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Atheism: The Last Major Political Taboo

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Traditional religions and their beliefs in gods are on the decline in America no matter how you measure it: one in five Americans have no religion according to the Pew Forum on Religion and Public Life, less people attend religious services than they publicly claim according to the Public Religion Research Institute, and the number of open atheists has doubled since 2007 according to a Harris Poll. Yet political acceptance of atheism has lagged behind social acceptance, with more than half of Americans saying that they wouldn't vote for an atheist candidate for president according to a new survey by Pew.

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True, this figure improved ten percentage points since 2007, and the Pew study also highlighted that over 40% of Americans don't care about the religious beliefs of a candidate. But this increase in political acceptance of atheists doesn't fully reflect the more rapidly increasing popularity of rejecting divine revelation and ancient texts. Even more disturbing, the study shows that other "taboos" such as drug usage and adultery by a candidate are becoming more acceptable at a faster rate than for the taboo of atheism.

What does it say about our country when we are willing to elect leaders who cheat and lie and break the law over atheists who live ethically? Do we as a nation truly believe that the theological beliefs of a candidate are more important than how that person actually lives their life? The answer for now is yes.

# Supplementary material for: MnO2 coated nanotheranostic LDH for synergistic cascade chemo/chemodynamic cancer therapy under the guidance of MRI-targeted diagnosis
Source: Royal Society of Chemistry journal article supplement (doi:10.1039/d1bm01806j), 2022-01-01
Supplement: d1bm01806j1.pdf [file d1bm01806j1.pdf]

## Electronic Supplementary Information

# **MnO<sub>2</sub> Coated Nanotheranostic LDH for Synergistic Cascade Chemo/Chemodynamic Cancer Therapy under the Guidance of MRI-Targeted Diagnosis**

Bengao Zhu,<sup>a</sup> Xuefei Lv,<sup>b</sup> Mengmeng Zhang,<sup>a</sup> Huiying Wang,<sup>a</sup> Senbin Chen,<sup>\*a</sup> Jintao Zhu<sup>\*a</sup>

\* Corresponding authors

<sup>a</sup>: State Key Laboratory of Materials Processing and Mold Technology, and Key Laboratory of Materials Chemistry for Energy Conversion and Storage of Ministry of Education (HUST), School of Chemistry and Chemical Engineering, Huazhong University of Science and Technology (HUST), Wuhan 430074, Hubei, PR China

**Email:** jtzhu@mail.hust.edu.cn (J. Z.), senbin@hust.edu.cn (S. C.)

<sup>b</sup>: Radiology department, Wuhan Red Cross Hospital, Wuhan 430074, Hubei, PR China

People who proclaim a belief in a deity are for some reason seen as more trustworthy and morale than those who don't, regardless of whether or not religious people actually live up to the values that they proclaim to be endorsed by God. Perhaps this is why people claimed to attend religious services when they actually didn't, because society reinforces the idea that being a religious person means that you are good and trustworthy.

While this blind deferral towards religious candidates may change in the future because of shifting religious demographics, we must now grapple with the consequences of this political prejudice. That means we will have to deal with legions of government officials like United States Representative Vance McAllister, a religious conservative that is in hot water for carrying on an affair with a married staffer in one of his district offices. These officials, who proclaim their faith as a virtue and publicly pray in order to prove their religious bona fides, are often revealed to be nothing more than charlatans using religion as a cover for their personal failings. But unfortunately, voters aren't willing to look much deeper than the religious beliefs of an individual when evaluating whether or not that person is ethical, so this religious masquerade is still an effective tool for those with a questionable history that want to be elected to public office.

Prejudice against atheists remains very real, and our political system is among the most open arenas in which it can be applied. Until this prejudice is openly rejected many Americans will continue to feel estranged from the political process and our political system as a whole will continue to be infiltrated by those that are ethically unworthy to serve as representatives of the people.